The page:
Who will champion academic researchers and teachers? The first line of Lord Mandelson’s December 2009 grant letter on higher education funding to Tim Melville-Ross, chairman of the Higher Education Funding Council for England, says: “I am writing to you to confirm the council’s budgets for 2010-11, and the objectives that the government looks to you to meet in spending the funds allocated to you.”
This sentence alone would have raised howls of fury from academics only a few decades ago. However, their position has deteriorated so steeply that we now have the bizarre situation of Hefce, rather than the government, announcing news of a 9 per cent cut in funding and dutifully presenting it with no expressions of protest or concern.
Like children given something whose value they do not appreciate, the UK’s leaders seem to believe that there is nothing special about the academy. Its performance should therefore be subject to the same indiscriminate processes of “optimisation” and “performance assessment” that other institutions must endure. Its superb educational and research record has apparently been set aside.
In the sciences, the easiest disciplines to quantify, mainly unconstrained work led to a multitude of unpredicted and immensely profitable applications – holography, DNA fingerprinting, enzyme stereochemistry, chemiosmosis and organometallic chemistry, to name but a few. This proud record stemmed from freedom. However, academics are now made constantly aware of their accountability to their various taskmasters and the need to justify their existence with respect to a host of extraneous responsibilities. Such shackles are, of course, all too familiar to people in other walks of life, but until recently the universities had generally been exempt. The bureaucrats have now decided otherwise, justifying their decision on the grounds that the academy will thereby become more “efficient”. At first glance, this may seem sensible. (“First glance” is, of course, the bureaucrat’s weapon of choice. Closer inspection is rarely encouraged, acknowledged or allowed.) Unfortunately, efficiency measurements require goals to be specified, and their specification today is usually based on external, utilitarian considerations. The vast majority of working academics rarely have a say.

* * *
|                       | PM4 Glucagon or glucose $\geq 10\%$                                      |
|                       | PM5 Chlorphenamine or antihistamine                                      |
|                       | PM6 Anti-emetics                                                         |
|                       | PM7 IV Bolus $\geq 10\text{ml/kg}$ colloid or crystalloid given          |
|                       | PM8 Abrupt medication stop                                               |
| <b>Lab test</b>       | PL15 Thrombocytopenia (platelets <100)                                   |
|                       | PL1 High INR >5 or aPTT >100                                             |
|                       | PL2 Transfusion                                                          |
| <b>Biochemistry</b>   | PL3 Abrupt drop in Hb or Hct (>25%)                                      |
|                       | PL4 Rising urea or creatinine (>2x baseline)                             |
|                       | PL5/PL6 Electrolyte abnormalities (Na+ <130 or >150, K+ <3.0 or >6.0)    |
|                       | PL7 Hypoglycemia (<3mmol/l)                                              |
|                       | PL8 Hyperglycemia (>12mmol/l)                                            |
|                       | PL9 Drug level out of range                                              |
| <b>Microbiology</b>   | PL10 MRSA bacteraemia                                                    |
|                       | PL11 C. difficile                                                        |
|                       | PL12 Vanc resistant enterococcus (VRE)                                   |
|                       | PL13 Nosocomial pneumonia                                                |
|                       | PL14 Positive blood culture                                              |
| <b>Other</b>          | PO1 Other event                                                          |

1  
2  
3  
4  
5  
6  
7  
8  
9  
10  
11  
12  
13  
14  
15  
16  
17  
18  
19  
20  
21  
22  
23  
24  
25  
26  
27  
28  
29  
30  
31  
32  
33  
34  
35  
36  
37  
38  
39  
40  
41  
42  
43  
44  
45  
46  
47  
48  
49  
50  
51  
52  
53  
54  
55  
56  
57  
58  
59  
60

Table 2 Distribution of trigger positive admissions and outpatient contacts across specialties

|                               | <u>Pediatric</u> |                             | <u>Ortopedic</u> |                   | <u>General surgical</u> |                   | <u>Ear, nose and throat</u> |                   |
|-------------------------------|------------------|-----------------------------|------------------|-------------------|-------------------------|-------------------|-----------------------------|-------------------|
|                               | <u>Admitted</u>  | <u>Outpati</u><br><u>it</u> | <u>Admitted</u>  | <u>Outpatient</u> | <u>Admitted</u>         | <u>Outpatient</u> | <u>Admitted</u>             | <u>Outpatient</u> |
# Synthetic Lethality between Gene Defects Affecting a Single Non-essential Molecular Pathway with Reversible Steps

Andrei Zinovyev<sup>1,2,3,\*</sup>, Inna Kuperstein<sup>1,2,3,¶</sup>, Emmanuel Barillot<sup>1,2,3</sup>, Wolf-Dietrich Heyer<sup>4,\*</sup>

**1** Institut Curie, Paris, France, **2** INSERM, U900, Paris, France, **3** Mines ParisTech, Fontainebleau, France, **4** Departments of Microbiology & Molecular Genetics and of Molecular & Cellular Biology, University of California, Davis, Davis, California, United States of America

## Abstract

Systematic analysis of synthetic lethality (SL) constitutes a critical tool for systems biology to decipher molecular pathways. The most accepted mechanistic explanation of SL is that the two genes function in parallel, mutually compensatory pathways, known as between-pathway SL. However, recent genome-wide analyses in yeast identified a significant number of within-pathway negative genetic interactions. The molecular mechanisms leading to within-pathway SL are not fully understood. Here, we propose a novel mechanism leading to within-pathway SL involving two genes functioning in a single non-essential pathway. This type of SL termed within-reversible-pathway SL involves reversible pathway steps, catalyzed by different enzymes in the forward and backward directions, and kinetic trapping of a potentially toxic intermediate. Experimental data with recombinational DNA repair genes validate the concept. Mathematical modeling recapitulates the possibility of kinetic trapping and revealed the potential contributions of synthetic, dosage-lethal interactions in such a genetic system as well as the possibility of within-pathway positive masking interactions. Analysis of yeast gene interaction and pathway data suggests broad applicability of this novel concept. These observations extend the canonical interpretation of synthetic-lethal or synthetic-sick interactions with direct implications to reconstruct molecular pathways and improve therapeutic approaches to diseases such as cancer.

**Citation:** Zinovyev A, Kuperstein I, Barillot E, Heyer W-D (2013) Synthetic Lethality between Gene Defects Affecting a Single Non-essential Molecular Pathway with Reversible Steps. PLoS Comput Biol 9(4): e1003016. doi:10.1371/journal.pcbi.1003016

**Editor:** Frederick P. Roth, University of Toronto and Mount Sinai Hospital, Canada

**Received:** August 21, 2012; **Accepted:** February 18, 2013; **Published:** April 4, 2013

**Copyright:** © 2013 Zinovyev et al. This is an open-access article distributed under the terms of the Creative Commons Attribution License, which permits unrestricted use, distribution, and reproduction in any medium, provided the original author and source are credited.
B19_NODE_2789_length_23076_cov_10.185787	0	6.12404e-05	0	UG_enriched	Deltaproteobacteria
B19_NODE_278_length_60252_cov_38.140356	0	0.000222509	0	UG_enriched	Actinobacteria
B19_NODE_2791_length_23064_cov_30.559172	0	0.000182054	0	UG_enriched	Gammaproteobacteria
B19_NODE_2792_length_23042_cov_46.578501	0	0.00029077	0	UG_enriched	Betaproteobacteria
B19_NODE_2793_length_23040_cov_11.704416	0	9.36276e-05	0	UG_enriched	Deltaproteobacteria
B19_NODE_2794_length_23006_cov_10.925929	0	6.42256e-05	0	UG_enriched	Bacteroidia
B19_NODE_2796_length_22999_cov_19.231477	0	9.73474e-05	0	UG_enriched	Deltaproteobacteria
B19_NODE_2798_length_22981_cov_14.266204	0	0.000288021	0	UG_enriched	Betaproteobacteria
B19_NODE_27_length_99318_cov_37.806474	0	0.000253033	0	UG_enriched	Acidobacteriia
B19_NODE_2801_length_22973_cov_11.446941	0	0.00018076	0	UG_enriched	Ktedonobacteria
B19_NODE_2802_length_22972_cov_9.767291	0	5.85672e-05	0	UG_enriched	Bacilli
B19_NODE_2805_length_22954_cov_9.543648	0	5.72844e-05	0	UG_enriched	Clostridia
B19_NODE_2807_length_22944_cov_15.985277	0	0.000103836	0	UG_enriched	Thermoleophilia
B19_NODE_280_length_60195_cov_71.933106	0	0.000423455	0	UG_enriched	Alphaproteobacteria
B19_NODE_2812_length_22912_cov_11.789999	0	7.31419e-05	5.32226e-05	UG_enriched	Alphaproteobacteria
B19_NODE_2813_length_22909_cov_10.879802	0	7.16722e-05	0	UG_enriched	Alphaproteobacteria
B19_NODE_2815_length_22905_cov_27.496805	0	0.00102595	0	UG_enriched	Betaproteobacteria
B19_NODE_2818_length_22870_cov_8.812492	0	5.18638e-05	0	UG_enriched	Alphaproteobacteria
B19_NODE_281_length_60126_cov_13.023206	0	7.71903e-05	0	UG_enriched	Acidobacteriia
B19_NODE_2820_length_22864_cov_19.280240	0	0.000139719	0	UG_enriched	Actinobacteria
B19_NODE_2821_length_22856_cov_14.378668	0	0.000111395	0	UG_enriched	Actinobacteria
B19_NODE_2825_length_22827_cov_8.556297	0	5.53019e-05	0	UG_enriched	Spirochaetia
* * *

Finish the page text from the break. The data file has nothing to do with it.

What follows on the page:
It may be surprising that working scholars generally acquiesce to all this. Ideally of course, they should have marshalled their vast intellectual reserves to fight for their independence. However, that would not be consistent with the best academic traditions.
Academics hitherto were noted for their individuality. Collective action has never been their forté, and in any case it can easily be represented as special pleading. Thus, the universities, once largely autonomous institutions for the promotion of scholarship and education, are now being brought into line. In effect, the universities are being made “fit for purpose”, but sadly, that purpose is no longer a matter for academics alone to work out. The academy must now satisfy society’s perceived requirements, which can be as changeable as governments or company values on the Stock Exchange. As a result, universities today are engaged in an apparently never-ending war of attrition as they struggle to cope with the stifling pressures of homogenisation.
Once upon a time (that is, before 1989), the University Grants Committee was charged with administering the UK’s universities. Its Olympian membership oversaw an academic sector that was second to none in the world. There were fewer universities then (about 70 when the body was terminated), but each received a rigorous “visitation” from a UGC panel every five years. Universities were then free to pursue excellence as each institution saw it, and the committee assessed them accordingly. If it was unsatisfied, it had considerable powers of persuasion, to say the least. Rigorously backed for many years by the almighty Treasury, the UGC’s system of governance served UK national interests exceptionally well for most of the 20th century.
In 1993, the regional funding councils were established, one each for England, Scotland and Wales, and a similar body for Northern Ireland. Furthermore, as Lord Mandelson’s letter proves, each of these parochial bodies is now an explicit instrument of the government. Who now strives to protect the individual excellence, creativity and flair for which our universities were famous? Falling budgets will create serious problems, especially for young people on “soft” money, but current impositions such as full economic costing, “impact” and the research excellence framework (née research assessment exercise) reduce flexibility and resourcefulness – the very traits that were once the foundations of academic success. We live in straitened times, but unless the government relaxes its rigid grip, it will strangle one of the UK’s best hopes for future prosperity.